Myopia, also known as nearsightedness, affects many people. The Canadian Association of Optometrists (CAO) estimates that approximately 30% of the Canadian population has some form of myopia. Fortunately, it’s usually easy to correct and sometimes can even be managed with natural methods. The first step is for an eye doctor to diagnose the severity by calculating one’s prescription for glasses or contact lenses. This determines how a person’s myopia can be managed.
An optometrist can diagnose myopia as part of a comprehensive eye exam. Eye exams are recommended for kids as early as six months old, again around age two, at age five, and then yearly once they start grade school. Approximately 1 in 4 kids has a vision problem that can affect their ability to see and learn. Kid’s exams are tailored with tests specific to their age that can truly be a pleasant experience.
What is Myopia?
Myopia occurs when light doesn’t focus properly inside the eye, causing blurry distance vision. When you are nearsighted, you can usually see close objects, but they get blurry as they get further away. As light enters your eye, it’s refracted incorrectly, and the image is focused on in the wrong place, causing the blurry distortion of objects at a distance. Increasing myopia means that the shape of the eye is getting progressively longer, increasing the degree of nearsightedness.
Through an eye exam, an optometrist will be able to diagnose this condition quickly. However, it also presents itself. Here are several symptoms that may suggest you have myopia:
- Objects are blurry at a distance
- Squinting or partially closing your eyelids for clear vision
- Excessive eye strain leading to headaches
- Difficulty seeing at night
Myopia in Children
According to the National Library of Medicine, approximately 50% of school-age children have some degree of myopia, and over half of those remain uncorrected. There are some signs of myopia you can watch out for that seem to be persistent among kids:
- Constant squinting
- Sitting close to the TV
- Wanting to be close to the front of the class
- Excessive blinking
- Frequent eye rubbing
- Seemingly unaware of objects at a distance
Is Myopia an Emergency?
Typically, myopia is not a medical emergency. However, in rare cases, complications from myopia could arise.
If you have these symptoms, call your eye doctor as soon as possible:
- Light flashes in eyes (one or both of them)
- Shadows in your visual field
- Sudden onset of an excessive amount of floaters in your vision
Why Control Myopia?
What we currently know is that myopia increases the risk of complicated ocular disease as people age. The higher the severity of myopia, the greater the risk for problems such as retinal detachment, glaucoma, age-related macular degeneration, and cataracts. These conditions all have the potential to cause severe vision loss and in some cases, blindness.
Almost every case of childhood myopia will progress as a child grows. The younger the child is when it starts, the faster they typically progress, and the more dependent they will be on vision correction throughout their life. It’s also important to consider that higher amounts of myopia are more difficult to treat with LASIK correction in adulthood.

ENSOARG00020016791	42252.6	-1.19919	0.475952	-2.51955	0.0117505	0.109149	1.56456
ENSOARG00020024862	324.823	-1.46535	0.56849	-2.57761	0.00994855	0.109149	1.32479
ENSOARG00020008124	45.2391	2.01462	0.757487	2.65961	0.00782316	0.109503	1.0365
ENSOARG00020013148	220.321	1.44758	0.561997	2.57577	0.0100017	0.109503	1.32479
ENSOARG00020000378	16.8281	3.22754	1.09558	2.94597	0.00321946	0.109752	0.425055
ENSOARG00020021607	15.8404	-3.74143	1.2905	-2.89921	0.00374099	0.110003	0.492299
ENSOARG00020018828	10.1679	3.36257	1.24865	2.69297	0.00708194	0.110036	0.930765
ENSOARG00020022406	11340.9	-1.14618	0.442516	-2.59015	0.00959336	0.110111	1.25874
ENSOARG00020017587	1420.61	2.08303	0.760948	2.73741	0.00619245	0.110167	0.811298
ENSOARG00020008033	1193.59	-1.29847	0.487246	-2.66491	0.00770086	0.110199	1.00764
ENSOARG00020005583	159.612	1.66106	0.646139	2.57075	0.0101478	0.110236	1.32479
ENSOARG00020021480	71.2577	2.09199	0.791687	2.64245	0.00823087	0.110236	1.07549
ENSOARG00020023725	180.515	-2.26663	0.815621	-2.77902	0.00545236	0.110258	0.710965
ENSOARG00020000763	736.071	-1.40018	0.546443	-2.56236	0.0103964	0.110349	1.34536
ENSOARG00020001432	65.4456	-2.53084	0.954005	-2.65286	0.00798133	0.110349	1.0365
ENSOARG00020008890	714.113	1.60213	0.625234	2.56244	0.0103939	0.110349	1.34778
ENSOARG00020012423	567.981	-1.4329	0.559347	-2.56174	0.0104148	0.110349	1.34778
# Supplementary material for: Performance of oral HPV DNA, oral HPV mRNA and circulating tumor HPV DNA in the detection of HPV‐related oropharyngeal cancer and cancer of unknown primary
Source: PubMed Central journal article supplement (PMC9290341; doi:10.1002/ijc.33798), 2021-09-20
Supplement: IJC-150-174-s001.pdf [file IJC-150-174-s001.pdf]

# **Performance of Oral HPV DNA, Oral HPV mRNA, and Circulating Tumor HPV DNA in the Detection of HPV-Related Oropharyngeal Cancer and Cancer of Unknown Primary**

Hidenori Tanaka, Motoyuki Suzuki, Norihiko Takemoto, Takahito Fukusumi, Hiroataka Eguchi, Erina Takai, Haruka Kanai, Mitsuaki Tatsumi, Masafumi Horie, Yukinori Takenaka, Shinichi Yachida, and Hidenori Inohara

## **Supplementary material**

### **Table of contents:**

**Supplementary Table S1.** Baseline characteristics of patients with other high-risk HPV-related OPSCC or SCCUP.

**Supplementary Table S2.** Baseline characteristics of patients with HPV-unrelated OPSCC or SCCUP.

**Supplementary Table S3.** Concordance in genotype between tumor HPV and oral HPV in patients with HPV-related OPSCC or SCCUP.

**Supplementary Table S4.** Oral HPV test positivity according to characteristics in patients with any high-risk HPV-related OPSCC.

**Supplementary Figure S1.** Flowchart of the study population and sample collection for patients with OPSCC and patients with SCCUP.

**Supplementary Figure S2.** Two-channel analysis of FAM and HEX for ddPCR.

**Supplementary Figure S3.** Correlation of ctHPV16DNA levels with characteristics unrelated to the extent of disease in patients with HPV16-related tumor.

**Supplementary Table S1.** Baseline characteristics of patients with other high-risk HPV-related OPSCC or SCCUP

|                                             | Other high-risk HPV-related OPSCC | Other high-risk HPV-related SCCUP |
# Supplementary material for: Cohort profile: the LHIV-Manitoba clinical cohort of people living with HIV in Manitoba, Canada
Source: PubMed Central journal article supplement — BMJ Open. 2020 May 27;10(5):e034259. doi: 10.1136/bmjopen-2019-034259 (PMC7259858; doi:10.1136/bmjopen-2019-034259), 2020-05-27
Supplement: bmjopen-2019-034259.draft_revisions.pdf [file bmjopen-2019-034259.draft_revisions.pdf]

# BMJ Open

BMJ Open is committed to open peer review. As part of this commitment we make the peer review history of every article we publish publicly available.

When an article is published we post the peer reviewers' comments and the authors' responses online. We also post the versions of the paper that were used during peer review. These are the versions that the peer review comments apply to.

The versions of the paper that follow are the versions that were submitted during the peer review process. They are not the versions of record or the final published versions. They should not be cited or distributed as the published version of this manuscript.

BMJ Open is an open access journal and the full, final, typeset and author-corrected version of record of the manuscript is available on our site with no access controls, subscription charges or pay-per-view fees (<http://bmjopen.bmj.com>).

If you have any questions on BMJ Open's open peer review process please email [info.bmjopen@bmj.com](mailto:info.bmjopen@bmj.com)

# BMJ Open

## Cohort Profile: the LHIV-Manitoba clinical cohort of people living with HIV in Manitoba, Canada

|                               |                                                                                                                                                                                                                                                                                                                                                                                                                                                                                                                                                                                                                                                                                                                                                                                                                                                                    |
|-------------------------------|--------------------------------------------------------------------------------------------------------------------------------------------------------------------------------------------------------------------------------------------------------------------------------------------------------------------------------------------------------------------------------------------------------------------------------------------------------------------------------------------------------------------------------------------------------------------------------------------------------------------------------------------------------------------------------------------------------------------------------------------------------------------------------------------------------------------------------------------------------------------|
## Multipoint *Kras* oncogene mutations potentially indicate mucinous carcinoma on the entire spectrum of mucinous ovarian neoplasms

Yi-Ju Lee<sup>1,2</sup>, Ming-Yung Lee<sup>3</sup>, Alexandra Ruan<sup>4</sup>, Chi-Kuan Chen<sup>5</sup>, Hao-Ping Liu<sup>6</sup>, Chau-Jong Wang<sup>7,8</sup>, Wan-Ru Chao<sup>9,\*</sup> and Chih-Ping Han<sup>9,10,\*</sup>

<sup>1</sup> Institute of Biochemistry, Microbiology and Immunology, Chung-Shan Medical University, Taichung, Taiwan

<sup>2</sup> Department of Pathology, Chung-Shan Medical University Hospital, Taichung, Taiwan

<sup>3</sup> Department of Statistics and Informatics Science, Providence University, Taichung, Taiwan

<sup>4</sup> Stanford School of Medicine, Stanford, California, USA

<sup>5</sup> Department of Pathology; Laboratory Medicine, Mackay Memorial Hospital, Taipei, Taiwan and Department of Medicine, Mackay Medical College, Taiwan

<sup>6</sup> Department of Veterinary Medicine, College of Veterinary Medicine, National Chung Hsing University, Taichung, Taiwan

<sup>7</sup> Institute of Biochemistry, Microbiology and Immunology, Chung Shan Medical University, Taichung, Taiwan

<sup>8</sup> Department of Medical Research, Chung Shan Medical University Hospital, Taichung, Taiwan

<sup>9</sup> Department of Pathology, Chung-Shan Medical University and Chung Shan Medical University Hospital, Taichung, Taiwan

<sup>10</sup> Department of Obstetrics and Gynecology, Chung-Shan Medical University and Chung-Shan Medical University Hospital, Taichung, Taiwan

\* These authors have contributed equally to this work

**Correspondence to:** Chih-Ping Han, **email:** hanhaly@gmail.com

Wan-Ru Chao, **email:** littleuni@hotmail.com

How to Control Myopia
With the increasing prevalence of myopia impacting our youth, controlling myopia is becoming more and more popular. Myopia control options include different types of glasses, contact lenses, and prescription eye drops.
- Glasses: Traditional glasses can treat nearsightedness, making distance vision clear, however, they do not prevent myopia from progressing. Some kids have been prescribed bifocal lenses in the past to reduce the visual demand for close-oriented tasks like reading and using screens (tablets, phones, computers). Some newer lens designs for myopia control are starting to emerge on the market, but availability in Canada is still limited.
- Soft Multifocal Contact Lenses: These are specially-designed contact lenses that are clinically proven to reduce the rate of progression of myopia in children by up to 59%. They are single-use disposable contacts that are worn during the day instead of glasses.
- Ortho-Keratology (Ortho-K) Contact Lenses: These are specially-designed custom contact lenses that are worn overnight while a child sleeps. They gently reshape the cornea resulting in clear 20/20 vision by morning. During the daytime, no glasses or contacts are needed, therefore providing visual freedom similar to LASIK but without any surgery or permanent changes.
- Low-dose Atropine Therapy: A prescription eye drop that is used once daily to reduce the progression of myopia. Traditional glasses and/or contact lenses are still necessary to be worn during the daytime. In some cases, bifocal or progressive lenses are needed.
Research shows that children with myopia who spend more time indoors are at a higher risk of progression compared to kids who spend time outdoors. This likely has to do with the smaller-proximity environments, increase in prolonged near-oriented visual tasks, and exposure to unhealthy artificial lighting (as opposed to full-spectrum natural daylight). If your kids enjoy indoor activities, that’s OK, just make sure to have a healthy balance of time spent outdoors too.
It’s also vital that kids eat a healthy diet. One that maximizes nutrient-dense foods like animal protein, fats, fruits, and vegetables, and one that minimizes processed foods and drinks with added sugars, processed fats (canola oil, sunflower oil, safflower oil, corn oil, vegetable oils, and hydrogenated butter alternatives), and other unnatural toxins. This is essential for optimal eye health and vision development.
Finding Out More About Myopia
If you suspect that you or your child have myopia, or if you have questions about myopia treatments, give us a call today. Our staff will be happy to book you in with one of our experienced optometrists.